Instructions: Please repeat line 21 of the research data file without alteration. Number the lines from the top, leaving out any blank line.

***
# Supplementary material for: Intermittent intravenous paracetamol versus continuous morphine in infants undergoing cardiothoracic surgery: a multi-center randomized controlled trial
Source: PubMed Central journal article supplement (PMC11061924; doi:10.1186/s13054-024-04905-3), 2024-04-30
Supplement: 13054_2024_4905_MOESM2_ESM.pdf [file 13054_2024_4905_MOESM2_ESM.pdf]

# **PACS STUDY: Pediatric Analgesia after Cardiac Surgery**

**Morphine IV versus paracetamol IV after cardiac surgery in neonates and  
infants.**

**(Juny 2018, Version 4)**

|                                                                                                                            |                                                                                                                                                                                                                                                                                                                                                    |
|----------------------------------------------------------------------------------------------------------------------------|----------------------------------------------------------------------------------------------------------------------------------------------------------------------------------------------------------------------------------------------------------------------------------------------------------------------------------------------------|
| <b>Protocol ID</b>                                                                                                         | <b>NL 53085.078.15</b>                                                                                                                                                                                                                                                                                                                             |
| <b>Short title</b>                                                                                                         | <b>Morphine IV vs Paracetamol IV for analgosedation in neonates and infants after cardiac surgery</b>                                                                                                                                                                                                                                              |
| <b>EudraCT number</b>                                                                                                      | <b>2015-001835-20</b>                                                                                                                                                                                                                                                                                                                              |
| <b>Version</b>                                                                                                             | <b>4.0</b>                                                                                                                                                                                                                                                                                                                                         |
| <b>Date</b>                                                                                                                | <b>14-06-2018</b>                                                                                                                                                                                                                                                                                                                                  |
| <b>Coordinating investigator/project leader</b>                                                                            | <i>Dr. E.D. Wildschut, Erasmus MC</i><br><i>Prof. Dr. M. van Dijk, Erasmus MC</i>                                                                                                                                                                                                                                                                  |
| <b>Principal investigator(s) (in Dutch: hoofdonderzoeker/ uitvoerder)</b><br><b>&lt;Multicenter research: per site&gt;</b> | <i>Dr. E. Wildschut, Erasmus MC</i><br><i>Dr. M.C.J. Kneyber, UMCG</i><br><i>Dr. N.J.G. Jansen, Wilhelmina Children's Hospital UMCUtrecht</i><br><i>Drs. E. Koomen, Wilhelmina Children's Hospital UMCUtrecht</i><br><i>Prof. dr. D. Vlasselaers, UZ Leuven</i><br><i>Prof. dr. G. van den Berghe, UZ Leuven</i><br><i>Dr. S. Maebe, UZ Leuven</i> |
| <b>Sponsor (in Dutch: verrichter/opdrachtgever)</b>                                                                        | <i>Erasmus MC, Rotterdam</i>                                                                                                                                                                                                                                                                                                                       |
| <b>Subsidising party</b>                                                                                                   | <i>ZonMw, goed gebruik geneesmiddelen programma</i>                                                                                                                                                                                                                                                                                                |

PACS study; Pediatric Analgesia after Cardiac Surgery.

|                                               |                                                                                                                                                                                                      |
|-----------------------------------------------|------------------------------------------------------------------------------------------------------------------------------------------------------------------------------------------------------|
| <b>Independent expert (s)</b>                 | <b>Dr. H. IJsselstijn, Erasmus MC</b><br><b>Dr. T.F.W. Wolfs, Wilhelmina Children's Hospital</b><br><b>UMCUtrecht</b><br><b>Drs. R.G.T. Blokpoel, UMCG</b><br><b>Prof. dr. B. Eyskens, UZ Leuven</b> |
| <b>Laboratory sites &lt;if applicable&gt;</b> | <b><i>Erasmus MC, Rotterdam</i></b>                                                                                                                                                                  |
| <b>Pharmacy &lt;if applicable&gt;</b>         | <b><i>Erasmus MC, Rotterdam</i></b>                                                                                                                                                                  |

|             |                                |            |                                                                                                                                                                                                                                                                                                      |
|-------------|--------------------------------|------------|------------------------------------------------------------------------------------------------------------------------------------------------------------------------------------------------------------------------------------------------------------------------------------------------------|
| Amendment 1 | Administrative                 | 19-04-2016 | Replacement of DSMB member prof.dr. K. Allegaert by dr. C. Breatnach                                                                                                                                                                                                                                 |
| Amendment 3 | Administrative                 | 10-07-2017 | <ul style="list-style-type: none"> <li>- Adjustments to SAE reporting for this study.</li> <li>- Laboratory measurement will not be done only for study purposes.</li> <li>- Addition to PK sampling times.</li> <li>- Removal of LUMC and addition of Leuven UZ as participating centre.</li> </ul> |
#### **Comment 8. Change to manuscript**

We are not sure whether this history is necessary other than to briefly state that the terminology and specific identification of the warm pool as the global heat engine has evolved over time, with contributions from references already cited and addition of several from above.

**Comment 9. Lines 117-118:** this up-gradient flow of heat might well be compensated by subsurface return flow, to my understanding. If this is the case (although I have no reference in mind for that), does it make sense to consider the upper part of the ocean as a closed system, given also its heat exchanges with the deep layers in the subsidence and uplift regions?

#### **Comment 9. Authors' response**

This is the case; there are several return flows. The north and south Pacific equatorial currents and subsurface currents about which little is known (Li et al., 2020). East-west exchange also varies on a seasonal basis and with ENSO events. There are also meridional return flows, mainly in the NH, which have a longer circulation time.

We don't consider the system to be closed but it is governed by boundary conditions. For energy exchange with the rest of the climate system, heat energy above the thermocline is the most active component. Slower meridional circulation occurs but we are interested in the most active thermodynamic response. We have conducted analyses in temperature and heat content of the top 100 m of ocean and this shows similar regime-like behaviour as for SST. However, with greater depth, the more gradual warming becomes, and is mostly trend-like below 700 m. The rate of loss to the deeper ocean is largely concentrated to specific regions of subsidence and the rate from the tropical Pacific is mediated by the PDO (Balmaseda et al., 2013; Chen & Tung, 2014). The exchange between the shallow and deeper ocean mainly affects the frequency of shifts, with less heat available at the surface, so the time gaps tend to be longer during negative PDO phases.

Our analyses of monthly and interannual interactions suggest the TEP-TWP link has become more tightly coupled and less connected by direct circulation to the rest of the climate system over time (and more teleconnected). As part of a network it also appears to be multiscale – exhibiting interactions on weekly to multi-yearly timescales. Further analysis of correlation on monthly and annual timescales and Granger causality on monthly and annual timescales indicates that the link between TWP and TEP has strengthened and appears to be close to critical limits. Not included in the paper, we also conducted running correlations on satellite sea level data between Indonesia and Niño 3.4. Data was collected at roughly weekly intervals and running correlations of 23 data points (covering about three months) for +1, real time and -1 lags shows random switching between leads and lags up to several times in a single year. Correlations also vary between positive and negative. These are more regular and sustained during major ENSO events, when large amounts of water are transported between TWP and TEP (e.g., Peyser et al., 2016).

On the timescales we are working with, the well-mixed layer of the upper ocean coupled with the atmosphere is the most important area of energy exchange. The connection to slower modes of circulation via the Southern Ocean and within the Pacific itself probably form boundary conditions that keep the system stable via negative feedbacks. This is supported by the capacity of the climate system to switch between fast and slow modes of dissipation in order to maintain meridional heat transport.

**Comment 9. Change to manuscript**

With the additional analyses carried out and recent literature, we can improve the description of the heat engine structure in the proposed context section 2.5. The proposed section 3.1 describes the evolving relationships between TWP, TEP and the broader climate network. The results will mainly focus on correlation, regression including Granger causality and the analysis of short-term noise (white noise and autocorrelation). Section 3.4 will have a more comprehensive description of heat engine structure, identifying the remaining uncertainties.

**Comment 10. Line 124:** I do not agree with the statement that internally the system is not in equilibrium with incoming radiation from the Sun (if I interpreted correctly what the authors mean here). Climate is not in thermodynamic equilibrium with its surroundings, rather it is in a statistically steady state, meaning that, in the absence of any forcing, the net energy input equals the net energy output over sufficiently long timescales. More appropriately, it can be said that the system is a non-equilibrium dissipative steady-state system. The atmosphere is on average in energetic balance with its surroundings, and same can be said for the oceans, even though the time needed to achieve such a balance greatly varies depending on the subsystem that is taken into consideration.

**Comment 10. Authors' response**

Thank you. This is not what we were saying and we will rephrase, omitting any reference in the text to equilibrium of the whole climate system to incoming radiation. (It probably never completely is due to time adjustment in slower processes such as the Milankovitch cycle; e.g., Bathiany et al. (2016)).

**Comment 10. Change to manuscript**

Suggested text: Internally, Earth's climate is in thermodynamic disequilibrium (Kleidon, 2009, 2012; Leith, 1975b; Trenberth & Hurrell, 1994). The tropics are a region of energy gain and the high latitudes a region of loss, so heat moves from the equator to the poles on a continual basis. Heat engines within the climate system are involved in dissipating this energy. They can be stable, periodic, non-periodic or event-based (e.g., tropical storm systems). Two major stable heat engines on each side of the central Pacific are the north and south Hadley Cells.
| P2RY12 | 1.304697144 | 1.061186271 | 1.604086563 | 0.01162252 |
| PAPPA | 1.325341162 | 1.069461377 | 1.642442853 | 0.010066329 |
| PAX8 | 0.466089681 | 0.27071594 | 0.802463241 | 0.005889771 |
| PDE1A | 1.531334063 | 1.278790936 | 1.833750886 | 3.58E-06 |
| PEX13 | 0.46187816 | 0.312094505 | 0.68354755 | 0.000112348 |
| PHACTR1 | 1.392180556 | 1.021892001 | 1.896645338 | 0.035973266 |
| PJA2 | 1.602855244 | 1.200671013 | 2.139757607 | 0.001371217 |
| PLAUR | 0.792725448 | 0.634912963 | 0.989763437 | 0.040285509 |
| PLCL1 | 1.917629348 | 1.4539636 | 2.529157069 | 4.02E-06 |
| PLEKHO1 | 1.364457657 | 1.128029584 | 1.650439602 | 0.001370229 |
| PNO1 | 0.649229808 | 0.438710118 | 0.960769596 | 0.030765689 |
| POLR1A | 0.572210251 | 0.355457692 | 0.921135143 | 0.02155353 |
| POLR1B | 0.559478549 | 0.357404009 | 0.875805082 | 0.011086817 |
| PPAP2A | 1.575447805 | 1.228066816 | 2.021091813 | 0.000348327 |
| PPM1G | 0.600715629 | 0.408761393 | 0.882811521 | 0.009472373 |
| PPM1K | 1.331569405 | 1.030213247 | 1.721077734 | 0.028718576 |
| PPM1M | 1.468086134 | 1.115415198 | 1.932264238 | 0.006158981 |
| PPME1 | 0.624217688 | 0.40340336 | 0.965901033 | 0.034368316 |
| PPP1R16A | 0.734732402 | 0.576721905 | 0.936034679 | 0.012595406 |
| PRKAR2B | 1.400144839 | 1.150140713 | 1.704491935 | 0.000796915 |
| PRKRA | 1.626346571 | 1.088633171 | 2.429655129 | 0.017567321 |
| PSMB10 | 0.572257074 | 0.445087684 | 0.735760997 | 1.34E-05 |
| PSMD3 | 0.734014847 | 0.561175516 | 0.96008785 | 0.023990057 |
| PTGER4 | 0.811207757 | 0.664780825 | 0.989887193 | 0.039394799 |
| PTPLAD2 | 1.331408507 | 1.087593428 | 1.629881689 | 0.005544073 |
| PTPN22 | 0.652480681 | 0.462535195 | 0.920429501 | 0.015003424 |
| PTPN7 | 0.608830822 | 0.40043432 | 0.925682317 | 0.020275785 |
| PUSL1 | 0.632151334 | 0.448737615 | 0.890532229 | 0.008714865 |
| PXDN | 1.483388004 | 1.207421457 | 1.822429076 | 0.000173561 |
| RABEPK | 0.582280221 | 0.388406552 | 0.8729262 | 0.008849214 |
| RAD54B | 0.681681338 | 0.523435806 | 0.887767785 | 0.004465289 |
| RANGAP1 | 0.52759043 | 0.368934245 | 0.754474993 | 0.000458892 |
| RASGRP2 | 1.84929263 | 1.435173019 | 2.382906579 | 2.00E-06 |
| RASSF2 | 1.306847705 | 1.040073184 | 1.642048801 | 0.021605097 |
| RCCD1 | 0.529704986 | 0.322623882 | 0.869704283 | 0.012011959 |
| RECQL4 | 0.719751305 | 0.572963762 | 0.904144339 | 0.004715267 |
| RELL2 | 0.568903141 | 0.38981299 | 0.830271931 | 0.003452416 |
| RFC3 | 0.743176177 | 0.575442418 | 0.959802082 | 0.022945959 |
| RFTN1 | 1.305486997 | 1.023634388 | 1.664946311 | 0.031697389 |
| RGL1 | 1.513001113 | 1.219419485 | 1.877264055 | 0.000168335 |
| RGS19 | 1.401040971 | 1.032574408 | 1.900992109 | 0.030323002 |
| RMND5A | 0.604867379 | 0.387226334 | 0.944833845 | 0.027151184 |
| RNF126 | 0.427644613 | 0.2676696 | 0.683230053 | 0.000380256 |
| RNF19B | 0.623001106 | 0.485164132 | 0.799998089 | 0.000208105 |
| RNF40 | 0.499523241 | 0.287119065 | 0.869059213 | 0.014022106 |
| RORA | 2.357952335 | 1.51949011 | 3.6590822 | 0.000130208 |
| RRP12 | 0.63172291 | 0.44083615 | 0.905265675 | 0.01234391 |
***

|-----------------------------------------------|------------------------------------------------------------------------------------------------------------------------------------------------------------------------------------------------------|